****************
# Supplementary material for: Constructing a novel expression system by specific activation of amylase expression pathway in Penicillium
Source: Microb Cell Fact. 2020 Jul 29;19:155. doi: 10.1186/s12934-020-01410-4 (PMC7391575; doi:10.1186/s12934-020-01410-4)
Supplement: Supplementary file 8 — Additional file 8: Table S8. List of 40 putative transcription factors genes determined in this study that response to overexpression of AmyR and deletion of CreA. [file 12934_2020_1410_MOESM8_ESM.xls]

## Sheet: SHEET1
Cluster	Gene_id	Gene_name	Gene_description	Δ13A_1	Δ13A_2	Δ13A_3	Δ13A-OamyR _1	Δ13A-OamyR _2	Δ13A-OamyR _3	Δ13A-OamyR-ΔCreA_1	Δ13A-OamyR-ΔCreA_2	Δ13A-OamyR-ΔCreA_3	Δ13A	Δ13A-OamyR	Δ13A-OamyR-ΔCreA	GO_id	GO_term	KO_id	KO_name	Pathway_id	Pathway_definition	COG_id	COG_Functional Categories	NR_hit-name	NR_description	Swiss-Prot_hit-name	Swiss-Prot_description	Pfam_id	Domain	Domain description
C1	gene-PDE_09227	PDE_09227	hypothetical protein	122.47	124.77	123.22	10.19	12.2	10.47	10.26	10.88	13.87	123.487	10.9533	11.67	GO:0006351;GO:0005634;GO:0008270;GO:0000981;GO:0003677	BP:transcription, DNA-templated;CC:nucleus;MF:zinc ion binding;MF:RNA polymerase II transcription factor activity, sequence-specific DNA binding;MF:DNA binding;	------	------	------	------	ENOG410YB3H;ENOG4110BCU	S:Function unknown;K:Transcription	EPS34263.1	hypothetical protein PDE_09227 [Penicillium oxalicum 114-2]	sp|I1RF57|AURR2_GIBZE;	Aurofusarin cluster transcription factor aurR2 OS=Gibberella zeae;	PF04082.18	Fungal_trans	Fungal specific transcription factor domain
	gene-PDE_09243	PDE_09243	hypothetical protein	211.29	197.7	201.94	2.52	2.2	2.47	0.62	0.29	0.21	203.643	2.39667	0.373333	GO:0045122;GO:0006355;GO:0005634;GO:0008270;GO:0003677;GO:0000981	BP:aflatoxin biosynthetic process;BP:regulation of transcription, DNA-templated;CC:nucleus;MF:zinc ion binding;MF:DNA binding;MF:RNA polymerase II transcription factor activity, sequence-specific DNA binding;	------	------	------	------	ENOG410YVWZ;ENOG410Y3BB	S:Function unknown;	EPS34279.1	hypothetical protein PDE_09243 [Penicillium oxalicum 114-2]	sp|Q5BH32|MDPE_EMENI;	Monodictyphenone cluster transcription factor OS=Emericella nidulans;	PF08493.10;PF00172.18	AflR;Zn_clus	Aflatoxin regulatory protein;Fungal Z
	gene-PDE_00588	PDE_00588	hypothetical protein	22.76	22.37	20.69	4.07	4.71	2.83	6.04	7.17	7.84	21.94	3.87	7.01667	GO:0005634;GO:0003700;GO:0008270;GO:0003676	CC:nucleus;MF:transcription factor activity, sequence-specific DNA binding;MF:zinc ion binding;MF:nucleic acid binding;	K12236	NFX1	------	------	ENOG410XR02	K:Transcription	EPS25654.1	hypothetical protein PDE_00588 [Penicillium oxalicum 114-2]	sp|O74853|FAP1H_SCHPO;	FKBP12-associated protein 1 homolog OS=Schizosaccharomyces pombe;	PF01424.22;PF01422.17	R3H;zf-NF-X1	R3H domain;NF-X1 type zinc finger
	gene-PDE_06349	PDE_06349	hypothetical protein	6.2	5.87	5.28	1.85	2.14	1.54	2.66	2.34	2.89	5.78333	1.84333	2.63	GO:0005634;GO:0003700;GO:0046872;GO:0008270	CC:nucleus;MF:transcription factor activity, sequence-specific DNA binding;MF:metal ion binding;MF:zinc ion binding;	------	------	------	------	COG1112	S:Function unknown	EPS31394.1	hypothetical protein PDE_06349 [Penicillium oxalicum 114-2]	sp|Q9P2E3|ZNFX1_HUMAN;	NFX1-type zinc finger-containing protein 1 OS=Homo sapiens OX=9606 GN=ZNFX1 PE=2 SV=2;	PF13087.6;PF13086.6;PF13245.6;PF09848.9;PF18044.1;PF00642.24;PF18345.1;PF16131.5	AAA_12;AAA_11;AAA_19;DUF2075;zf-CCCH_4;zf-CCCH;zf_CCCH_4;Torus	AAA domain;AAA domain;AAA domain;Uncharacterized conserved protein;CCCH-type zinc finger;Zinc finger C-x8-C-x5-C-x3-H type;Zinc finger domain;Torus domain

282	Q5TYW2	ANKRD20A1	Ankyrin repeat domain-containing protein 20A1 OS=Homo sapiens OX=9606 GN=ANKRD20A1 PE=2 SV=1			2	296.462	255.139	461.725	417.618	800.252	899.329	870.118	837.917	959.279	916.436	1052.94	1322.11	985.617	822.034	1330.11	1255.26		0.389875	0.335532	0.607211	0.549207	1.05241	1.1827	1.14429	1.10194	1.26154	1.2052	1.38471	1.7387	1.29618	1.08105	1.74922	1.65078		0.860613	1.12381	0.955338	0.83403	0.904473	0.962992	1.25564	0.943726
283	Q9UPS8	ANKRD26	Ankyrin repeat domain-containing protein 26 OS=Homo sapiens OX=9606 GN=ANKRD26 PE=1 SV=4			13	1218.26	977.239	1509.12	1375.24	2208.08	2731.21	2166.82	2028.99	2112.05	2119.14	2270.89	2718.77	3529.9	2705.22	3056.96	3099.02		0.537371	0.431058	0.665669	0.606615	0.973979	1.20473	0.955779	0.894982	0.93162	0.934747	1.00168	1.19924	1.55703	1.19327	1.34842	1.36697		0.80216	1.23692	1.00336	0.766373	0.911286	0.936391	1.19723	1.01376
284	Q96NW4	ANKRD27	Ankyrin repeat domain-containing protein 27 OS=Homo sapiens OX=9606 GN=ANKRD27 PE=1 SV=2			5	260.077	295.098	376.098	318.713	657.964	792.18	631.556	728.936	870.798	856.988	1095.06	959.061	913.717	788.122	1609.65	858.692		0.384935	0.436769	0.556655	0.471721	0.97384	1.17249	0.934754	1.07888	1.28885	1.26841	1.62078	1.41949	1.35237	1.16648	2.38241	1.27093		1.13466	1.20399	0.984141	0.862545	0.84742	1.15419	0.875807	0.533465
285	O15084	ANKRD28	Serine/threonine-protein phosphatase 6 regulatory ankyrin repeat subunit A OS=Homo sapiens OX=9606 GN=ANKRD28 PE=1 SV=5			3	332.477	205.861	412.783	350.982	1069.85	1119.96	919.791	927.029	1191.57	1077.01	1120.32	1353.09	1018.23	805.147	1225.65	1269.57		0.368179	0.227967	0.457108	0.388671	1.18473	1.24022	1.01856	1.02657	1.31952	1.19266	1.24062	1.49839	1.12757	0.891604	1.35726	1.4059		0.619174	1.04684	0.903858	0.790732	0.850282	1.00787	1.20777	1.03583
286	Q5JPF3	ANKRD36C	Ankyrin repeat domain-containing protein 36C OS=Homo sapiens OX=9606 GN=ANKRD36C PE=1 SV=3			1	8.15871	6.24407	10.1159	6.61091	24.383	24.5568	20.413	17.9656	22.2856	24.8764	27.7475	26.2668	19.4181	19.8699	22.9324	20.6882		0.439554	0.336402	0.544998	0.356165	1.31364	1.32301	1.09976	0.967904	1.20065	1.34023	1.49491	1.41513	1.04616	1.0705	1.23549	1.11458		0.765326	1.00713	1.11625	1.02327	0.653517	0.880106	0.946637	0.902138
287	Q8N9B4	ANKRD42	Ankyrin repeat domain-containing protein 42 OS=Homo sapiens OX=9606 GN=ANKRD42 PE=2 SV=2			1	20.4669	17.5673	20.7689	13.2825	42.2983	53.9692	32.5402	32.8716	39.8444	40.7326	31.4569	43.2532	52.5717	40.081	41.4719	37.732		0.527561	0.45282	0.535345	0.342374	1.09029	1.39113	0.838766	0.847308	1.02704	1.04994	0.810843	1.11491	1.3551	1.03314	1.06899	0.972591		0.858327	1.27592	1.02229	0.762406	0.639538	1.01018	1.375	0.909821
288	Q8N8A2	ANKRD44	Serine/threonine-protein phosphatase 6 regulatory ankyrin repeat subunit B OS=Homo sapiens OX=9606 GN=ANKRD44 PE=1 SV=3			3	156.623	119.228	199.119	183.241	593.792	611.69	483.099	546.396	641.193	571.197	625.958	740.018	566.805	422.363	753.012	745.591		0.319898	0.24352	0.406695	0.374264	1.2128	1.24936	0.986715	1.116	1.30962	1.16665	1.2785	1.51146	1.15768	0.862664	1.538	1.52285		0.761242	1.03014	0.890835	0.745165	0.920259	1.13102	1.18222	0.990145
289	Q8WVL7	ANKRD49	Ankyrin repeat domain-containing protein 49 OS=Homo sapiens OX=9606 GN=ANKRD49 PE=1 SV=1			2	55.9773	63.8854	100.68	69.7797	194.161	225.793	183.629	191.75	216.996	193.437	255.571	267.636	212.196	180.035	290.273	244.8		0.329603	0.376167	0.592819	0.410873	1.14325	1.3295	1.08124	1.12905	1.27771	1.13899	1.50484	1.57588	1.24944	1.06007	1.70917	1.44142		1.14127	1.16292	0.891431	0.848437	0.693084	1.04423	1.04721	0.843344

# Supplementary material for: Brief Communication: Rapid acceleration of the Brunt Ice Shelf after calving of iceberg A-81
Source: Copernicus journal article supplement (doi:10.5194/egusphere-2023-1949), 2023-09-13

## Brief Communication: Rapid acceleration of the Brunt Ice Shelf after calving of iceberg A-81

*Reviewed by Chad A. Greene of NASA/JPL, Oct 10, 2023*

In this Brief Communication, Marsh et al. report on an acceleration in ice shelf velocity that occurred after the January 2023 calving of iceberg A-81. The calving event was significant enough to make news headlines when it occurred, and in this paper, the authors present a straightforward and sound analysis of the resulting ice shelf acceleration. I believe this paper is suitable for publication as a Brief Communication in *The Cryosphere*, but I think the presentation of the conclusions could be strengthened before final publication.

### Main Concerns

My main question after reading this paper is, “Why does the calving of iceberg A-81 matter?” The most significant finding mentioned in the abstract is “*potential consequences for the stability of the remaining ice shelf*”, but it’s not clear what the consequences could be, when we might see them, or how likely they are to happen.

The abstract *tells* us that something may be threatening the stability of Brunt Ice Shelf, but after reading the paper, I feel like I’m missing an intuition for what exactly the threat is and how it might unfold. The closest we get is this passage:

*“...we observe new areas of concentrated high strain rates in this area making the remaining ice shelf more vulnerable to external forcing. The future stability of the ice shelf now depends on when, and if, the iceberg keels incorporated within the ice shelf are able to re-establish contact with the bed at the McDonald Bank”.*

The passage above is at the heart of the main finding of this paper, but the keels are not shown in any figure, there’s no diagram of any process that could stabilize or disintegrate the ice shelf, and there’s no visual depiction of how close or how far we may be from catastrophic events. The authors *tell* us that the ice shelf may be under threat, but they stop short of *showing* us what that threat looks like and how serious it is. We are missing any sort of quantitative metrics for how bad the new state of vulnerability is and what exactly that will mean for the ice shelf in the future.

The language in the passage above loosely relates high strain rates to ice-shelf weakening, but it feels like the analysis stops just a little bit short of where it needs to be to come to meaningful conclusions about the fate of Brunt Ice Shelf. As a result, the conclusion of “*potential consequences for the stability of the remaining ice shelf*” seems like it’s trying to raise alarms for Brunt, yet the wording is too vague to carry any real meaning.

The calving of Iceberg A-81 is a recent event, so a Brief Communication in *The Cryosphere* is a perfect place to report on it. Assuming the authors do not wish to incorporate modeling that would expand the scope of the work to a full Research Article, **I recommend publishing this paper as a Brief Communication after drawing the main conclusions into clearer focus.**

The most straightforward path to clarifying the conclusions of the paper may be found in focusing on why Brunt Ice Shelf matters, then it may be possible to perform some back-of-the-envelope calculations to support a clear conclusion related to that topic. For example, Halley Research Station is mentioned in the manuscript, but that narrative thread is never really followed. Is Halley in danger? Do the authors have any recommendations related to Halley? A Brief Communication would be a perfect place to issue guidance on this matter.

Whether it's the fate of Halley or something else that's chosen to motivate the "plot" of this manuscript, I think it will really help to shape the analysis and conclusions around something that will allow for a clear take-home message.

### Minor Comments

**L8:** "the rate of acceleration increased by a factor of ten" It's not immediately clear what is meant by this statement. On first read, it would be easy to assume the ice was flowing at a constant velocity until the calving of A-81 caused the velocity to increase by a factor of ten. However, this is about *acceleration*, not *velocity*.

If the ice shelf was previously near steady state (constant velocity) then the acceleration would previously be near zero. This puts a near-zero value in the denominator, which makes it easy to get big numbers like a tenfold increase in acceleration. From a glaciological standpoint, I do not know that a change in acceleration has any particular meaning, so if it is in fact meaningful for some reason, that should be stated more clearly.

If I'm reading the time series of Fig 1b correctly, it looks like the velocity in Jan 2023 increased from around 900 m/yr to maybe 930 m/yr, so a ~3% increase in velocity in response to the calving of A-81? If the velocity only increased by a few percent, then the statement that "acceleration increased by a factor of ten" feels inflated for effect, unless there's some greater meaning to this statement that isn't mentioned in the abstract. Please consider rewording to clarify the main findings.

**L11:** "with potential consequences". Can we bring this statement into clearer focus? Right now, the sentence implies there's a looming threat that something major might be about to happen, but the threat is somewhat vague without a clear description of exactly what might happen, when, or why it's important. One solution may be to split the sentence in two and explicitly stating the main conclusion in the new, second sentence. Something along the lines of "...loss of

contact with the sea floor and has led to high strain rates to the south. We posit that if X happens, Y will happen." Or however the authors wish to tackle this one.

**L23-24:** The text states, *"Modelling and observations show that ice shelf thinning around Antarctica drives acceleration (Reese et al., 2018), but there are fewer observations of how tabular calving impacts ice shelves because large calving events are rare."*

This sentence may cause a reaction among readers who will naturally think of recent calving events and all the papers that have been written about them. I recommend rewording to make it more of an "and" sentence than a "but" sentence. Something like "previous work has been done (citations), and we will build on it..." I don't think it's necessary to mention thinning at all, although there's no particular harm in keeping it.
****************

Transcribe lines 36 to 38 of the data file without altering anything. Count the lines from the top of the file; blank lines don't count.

**L11:** "with potential consequences". Can we bring this statement into clearer focus? Right now, the sentence implies there's a looming threat that something major might be about to happen, but the threat is somewhat vague without a clear description of exactly what might happen, when, or why it's important. One solution may be to split the sentence in two and explicitly stating the main conclusion in the new, second sentence. Something along the lines of "...loss of

contact with the sea floor and has led to high strain rates to the south. We posit that if X happens, Y will happen." Or however the authors wish to tackle this one.

**L23-24:** The text states, *"Modelling and observations show that ice shelf thinning around Antarctica drives acceleration (Reese et al., 2018), but there are fewer observations of how tabular calving impacts ice shelves because large calving events are rare."*